Hunter and his wife Margaret Hunter, his former campaign manager, said they would pay $12,000 “solely for the purpose of settling this matter only and without admitting liability,” according to an FEC document made public this week.
Hunter’s campaign committee agreed to pay a separate $4,000 fine.
The FEC said that due to his campaign’s “lack of financial resources,” the agency sought a smaller than usual fine, noting it would typically seek a “substantially higher civil penalty” of $133,000 based on the violations.
A quarterly report from October 2021 revealed that Hunter’s campaign had $14,000 cash on hand and roughly $40,000 in outstanding debts, the FEC said, and the campaign appeared unable to raise additional funds.
In 2019, federal prosecutors said Hunter and his wife “converted and stole” more than $250,000 by using campaign cash used for purchases such as family trips to Hawaii and Italy, plane rides for relatives and their pet rabbit, and even $1,500 for video games. Hunter also used campaign cash to pay for romantic flings with lobbyists and congressional aides, prosecutors said.
The couple claimed that many of the alleged violations were “attributable to the nature of a tight-knit, family-run campaign,” and that many of the personal disbursements were repaid, according to an agreement signed with the FEC.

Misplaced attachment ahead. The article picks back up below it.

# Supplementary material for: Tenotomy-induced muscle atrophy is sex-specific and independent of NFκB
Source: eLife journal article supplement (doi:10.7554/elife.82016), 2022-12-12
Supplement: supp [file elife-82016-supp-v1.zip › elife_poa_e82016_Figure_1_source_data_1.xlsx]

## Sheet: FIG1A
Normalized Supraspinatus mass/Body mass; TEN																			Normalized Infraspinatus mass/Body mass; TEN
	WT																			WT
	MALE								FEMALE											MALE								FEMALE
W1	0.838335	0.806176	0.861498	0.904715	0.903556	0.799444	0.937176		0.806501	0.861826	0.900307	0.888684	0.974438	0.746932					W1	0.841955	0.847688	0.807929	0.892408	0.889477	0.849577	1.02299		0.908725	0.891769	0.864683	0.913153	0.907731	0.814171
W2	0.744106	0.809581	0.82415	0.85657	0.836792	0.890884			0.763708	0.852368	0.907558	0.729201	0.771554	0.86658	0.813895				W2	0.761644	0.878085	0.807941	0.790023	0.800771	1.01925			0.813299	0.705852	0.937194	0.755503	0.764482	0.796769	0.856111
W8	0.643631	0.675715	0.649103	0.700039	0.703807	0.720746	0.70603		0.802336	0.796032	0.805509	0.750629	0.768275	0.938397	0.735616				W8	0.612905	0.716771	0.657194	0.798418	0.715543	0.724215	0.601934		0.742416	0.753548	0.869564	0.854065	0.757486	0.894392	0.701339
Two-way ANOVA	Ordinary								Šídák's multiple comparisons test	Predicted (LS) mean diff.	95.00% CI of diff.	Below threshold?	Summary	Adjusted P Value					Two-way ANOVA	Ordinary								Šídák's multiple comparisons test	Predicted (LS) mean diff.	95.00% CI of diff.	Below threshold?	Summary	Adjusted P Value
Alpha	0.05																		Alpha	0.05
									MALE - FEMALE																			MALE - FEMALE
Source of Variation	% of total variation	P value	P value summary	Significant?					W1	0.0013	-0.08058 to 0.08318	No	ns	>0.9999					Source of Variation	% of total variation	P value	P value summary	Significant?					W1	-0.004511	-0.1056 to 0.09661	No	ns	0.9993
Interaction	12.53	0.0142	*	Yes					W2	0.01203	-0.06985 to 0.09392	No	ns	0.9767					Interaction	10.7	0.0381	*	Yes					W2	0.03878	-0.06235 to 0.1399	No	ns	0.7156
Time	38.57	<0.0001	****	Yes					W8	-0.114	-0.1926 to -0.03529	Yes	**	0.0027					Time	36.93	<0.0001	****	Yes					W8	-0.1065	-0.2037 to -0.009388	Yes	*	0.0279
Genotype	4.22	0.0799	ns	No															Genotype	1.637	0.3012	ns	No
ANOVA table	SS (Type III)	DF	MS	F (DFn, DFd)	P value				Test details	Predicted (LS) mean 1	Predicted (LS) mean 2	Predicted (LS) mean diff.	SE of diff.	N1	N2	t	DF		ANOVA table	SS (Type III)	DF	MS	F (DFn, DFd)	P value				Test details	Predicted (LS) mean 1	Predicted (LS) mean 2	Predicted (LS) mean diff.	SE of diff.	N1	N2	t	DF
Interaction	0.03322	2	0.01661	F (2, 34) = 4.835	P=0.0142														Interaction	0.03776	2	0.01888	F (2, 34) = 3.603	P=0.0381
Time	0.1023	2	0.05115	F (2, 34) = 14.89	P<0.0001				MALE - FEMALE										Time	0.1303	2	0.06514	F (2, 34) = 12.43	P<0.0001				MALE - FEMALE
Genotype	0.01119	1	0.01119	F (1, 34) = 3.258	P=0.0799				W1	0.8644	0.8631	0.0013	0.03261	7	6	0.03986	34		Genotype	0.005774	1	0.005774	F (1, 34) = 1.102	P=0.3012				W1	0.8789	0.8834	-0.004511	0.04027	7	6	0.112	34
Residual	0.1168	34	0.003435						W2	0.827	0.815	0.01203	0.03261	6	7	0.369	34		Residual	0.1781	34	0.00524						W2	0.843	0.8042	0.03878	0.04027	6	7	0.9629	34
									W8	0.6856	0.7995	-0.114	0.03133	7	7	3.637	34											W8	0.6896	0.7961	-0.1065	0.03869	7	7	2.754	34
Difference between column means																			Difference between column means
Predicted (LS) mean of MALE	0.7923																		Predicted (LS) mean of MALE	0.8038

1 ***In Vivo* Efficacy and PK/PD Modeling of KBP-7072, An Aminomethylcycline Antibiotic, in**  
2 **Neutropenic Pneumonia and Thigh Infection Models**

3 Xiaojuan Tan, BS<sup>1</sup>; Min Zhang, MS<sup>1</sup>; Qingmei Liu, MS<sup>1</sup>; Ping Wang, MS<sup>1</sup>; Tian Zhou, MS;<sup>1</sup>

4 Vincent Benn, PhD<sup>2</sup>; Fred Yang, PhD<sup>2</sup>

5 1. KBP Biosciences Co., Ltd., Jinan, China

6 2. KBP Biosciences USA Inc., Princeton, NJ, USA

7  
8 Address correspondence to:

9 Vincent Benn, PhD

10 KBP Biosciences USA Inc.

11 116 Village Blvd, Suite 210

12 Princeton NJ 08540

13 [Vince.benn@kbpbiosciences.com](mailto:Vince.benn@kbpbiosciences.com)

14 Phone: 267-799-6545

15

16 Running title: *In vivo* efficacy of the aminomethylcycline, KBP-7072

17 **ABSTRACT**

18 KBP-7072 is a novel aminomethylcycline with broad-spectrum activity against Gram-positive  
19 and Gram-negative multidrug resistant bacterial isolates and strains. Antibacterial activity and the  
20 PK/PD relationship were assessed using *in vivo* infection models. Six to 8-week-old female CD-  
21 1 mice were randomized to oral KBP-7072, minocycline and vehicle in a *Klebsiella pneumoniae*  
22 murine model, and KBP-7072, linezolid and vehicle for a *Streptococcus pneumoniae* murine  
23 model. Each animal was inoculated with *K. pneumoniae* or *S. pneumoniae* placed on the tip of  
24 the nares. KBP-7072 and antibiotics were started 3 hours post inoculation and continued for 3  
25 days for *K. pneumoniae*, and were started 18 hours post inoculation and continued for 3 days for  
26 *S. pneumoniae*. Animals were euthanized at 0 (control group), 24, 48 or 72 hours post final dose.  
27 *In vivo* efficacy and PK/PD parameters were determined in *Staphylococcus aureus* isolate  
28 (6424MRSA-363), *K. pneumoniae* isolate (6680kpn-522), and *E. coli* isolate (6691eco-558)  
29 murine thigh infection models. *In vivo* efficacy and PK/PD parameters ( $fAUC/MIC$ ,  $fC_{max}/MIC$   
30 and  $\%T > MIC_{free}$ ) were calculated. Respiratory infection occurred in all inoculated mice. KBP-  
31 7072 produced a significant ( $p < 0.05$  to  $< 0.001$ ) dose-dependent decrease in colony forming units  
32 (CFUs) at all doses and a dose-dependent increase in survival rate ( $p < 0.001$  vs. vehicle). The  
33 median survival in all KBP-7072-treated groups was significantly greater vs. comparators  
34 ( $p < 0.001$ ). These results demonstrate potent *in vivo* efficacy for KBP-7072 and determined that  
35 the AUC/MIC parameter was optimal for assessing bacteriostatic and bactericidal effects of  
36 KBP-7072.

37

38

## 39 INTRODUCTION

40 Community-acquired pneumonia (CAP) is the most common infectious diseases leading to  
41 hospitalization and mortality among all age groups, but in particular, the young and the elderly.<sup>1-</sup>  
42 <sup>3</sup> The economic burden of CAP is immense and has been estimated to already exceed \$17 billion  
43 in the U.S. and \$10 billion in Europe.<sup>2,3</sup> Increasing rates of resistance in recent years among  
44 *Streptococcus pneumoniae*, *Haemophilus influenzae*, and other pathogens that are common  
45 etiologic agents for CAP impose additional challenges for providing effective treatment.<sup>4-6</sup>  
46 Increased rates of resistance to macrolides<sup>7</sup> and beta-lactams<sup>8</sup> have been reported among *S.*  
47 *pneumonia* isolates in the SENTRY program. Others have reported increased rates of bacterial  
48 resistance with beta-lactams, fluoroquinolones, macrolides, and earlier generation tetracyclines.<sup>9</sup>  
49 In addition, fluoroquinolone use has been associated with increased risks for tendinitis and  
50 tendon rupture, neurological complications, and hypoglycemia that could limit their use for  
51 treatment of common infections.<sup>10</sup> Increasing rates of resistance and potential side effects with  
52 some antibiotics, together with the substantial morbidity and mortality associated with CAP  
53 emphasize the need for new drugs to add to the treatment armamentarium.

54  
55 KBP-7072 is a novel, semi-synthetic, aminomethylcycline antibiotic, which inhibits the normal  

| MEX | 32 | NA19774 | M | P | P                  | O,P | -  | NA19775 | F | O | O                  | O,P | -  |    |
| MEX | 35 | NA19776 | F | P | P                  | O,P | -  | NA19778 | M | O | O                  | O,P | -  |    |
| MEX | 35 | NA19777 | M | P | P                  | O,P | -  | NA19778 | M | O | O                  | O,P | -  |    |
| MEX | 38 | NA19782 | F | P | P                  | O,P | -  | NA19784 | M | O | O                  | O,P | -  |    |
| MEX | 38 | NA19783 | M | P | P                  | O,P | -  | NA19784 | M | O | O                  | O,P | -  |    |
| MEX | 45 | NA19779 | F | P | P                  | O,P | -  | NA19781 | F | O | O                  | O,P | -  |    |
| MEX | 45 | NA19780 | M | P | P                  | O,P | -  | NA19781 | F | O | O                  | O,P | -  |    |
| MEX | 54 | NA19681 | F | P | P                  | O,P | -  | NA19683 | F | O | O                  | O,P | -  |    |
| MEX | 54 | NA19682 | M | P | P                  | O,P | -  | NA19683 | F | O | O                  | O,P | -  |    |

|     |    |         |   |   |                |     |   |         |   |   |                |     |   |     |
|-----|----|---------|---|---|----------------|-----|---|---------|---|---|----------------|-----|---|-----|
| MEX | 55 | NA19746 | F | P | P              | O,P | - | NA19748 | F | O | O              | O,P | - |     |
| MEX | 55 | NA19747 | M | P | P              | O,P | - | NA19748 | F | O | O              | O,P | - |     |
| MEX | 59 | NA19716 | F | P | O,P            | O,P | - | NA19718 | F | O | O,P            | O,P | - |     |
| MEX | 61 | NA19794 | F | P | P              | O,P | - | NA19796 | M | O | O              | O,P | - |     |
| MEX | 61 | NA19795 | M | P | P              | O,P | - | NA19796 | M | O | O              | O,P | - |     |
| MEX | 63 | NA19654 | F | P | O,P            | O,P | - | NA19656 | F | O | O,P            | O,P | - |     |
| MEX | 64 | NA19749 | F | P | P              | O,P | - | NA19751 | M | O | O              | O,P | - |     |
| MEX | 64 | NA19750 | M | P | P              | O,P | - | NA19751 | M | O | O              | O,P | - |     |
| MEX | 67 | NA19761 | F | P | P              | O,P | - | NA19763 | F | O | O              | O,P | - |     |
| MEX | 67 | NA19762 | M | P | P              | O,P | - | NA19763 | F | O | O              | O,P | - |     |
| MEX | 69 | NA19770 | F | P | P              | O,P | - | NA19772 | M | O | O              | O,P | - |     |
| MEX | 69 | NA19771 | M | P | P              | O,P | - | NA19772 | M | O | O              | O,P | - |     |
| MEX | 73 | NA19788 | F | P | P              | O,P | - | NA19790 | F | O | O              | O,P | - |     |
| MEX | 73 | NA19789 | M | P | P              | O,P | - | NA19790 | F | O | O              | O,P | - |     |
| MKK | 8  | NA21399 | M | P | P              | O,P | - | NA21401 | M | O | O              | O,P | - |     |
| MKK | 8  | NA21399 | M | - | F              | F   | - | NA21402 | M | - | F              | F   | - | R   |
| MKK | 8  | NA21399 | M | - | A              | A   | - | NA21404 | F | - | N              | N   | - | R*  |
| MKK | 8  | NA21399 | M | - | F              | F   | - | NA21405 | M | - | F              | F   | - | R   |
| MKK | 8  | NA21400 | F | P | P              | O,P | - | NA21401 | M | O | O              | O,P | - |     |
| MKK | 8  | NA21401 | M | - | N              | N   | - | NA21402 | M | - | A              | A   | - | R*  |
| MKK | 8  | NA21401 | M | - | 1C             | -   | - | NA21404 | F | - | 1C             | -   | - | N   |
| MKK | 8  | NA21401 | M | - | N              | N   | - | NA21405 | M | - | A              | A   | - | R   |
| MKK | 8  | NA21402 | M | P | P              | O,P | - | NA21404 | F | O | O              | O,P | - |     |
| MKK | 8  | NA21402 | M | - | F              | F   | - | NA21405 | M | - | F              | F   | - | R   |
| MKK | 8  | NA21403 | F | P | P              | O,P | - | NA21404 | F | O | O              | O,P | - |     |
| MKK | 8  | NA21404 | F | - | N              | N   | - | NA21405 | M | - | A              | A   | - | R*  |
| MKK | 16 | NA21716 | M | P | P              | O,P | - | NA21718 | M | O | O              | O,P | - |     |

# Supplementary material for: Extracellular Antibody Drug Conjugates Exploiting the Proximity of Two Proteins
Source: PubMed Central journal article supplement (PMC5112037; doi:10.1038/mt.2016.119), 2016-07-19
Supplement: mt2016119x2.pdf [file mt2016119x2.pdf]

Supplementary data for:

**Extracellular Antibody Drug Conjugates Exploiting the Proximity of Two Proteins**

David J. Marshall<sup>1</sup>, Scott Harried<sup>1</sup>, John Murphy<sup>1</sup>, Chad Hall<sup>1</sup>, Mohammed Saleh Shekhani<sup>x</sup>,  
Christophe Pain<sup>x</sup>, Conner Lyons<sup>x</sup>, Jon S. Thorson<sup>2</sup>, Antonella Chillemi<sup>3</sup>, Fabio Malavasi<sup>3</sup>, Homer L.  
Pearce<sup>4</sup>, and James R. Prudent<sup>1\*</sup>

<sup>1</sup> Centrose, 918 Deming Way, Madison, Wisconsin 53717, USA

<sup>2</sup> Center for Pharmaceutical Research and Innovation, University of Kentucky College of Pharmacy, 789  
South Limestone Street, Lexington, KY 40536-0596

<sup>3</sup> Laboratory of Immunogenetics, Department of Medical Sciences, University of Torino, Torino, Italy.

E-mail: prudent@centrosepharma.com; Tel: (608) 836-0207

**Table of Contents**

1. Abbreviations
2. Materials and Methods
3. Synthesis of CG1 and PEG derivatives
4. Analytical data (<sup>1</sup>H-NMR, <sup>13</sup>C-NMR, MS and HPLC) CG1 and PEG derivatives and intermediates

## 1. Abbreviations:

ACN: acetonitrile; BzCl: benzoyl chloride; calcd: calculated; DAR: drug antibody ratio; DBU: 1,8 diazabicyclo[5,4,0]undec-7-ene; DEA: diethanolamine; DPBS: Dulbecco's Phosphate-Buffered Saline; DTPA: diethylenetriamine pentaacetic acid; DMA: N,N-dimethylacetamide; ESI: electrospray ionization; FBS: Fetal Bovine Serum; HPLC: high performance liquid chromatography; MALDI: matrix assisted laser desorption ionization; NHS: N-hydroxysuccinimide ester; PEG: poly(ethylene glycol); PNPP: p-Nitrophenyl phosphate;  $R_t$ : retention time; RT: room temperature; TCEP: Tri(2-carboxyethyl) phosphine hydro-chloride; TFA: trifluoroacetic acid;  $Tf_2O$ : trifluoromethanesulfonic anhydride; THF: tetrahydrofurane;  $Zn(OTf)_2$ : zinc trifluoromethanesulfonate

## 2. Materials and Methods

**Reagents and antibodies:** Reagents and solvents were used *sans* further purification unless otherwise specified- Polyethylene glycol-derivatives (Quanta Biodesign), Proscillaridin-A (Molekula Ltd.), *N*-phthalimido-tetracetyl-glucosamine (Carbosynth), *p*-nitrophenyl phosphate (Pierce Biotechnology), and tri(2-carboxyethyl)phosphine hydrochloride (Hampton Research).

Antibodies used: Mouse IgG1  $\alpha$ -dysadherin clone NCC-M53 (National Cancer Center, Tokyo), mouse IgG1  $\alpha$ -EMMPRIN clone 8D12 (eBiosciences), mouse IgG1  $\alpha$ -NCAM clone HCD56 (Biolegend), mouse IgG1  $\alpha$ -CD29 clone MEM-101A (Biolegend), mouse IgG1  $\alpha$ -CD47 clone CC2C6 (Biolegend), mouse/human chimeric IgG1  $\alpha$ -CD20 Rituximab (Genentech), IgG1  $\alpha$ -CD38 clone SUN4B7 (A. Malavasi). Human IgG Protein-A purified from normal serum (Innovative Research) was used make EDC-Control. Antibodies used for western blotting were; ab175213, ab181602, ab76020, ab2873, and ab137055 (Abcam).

NBC News has reached out for comment to the lawyer representing Hunter’s campaign committee.
Hunter pleaded guilty to misusing campaign funds in December 2019 and resigned from his House seat a month later after serving more than a decade in Congress. He was later sentenced to 11 months in prison.
His wife pleaded guilty in 2019 to conspiracy to misuse campaign funds and was expected to testify against her husband of more than 20 years if the case went to trial.
But as Trump neared the end of his presidency, he issued a flurry of pardons and offered Hunter and his wife “full and unconditional” pardons for their criminal convictions.
A 2021 report from the FEC’s general counsel, however, raised doubts about whether Trump’s pardon extended to civil offenses, arguing the now-former president “limited the text of the Hunters’ pardons specifically to the criminal matter,” which paved the way for the recent fines.